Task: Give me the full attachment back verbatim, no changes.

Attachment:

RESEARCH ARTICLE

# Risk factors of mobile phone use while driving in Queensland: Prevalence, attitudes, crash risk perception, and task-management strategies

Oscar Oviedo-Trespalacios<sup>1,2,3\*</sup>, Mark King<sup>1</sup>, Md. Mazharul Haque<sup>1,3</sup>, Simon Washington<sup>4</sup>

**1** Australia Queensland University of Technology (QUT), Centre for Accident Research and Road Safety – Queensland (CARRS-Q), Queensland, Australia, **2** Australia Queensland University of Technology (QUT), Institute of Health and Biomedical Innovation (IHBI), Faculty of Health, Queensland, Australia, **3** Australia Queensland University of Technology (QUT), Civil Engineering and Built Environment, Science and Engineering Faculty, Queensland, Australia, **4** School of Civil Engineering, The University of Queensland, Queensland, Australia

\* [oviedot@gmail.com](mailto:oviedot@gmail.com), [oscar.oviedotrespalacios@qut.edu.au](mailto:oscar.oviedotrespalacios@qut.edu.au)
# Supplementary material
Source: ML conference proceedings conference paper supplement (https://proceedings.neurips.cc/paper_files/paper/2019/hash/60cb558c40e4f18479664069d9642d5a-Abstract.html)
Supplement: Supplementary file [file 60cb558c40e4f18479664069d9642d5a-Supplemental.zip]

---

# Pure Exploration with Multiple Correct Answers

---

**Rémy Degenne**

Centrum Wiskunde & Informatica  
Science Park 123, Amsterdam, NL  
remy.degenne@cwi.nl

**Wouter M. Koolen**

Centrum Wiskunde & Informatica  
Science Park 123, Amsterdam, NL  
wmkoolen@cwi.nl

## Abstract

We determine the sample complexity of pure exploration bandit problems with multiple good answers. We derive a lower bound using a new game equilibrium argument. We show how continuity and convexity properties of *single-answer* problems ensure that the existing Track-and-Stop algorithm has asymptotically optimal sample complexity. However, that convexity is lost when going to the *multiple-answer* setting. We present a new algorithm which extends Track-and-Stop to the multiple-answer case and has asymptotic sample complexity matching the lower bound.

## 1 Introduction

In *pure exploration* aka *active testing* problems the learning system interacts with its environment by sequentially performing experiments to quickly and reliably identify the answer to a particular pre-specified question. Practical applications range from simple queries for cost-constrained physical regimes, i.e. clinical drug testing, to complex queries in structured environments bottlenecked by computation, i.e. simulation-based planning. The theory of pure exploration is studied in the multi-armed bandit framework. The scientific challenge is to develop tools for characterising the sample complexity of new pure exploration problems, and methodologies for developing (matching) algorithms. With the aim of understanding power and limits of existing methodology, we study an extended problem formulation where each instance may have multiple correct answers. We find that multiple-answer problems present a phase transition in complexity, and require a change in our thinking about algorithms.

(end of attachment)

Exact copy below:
RESEARCH ARTICLE

# Risk factors of mobile phone use while driving in Queensland: Prevalence, attitudes, crash risk perception, and task-management strategies

Oscar Oviedo-Trespalacios<sup>1,2,3\*</sup>, Mark King<sup>1</sup>, Md. Mazharul Haque<sup>1,3</sup>, Simon Washington<sup>4</sup>

**1** Australia Queensland University of Technology (QUT), Centre for Accident Research and Road Safety – Queensland (CARRS-Q), Queensland, Australia, **2** Australia Queensland University of Technology (QUT), Institute of Health and Biomedical Innovation (IHBI), Faculty of Health, Queensland, Australia, **3** Australia Queensland University of Technology (QUT), Civil Engineering and Built Environment, Science and Engineering Faculty, Queensland, Australia, **4** School of Civil Engineering, The University of Queensland, Queensland, Australia

\* [oviedot@gmail.com](mailto:oviedot@gmail.com), [oscar.oviedotrespalacios@qut.edu.au](mailto:oscar.oviedotrespalacios@qut.edu.au)
# Supplementary material
Source: ML conference proceedings conference paper supplement (https://proceedings.neurips.cc/paper_files/paper/2019/hash/60cb558c40e4f18479664069d9642d5a-Abstract.html)
Supplement: Supplementary file [file 60cb558c40e4f18479664069d9642d5a-Supplemental.zip]

---

# Pure Exploration with Multiple Correct Answers

---

**Rémy Degenne**

Centrum Wiskunde & Informatica  
Science Park 123, Amsterdam, NL  
remy.degenne@cwi.nl

**Wouter M. Koolen**

Centrum Wiskunde & Informatica  
Science Park 123, Amsterdam, NL  
wmkoolen@cwi.nl

## Abstract

We determine the sample complexity of pure exploration bandit problems with multiple good answers. We derive a lower bound using a new game equilibrium argument. We show how continuity and convexity properties of *single-answer* problems ensure that the existing Track-and-Stop algorithm has asymptotically optimal sample complexity. However, that convexity is lost when going to the *multiple-answer* setting. We present a new algorithm which extends Track-and-Stop to the multiple-answer case and has asymptotic sample complexity matching the lower bound.

## 1 Introduction

In *pure exploration* aka *active testing* problems the learning system interacts with its environment by sequentially performing experiments to quickly and reliably identify the answer to a particular pre-specified question. Practical applications range from simple queries for cost-constrained physical regimes, i.e. clinical drug testing, to complex queries in structured environments bottlenecked by computation, i.e. simulation-based planning. The theory of pure exploration is studied in the multi-armed bandit framework. The scientific challenge is to develop tools for characterising the sample complexity of new pure exploration problems, and methodologies for developing (matching) algorithms. With the aim of understanding power and limits of existing methodology, we study an extended problem formulation where each instance may have multiple correct answers. We find that multiple-answer problems present a phase transition in complexity, and require a change in our thinking about algorithms.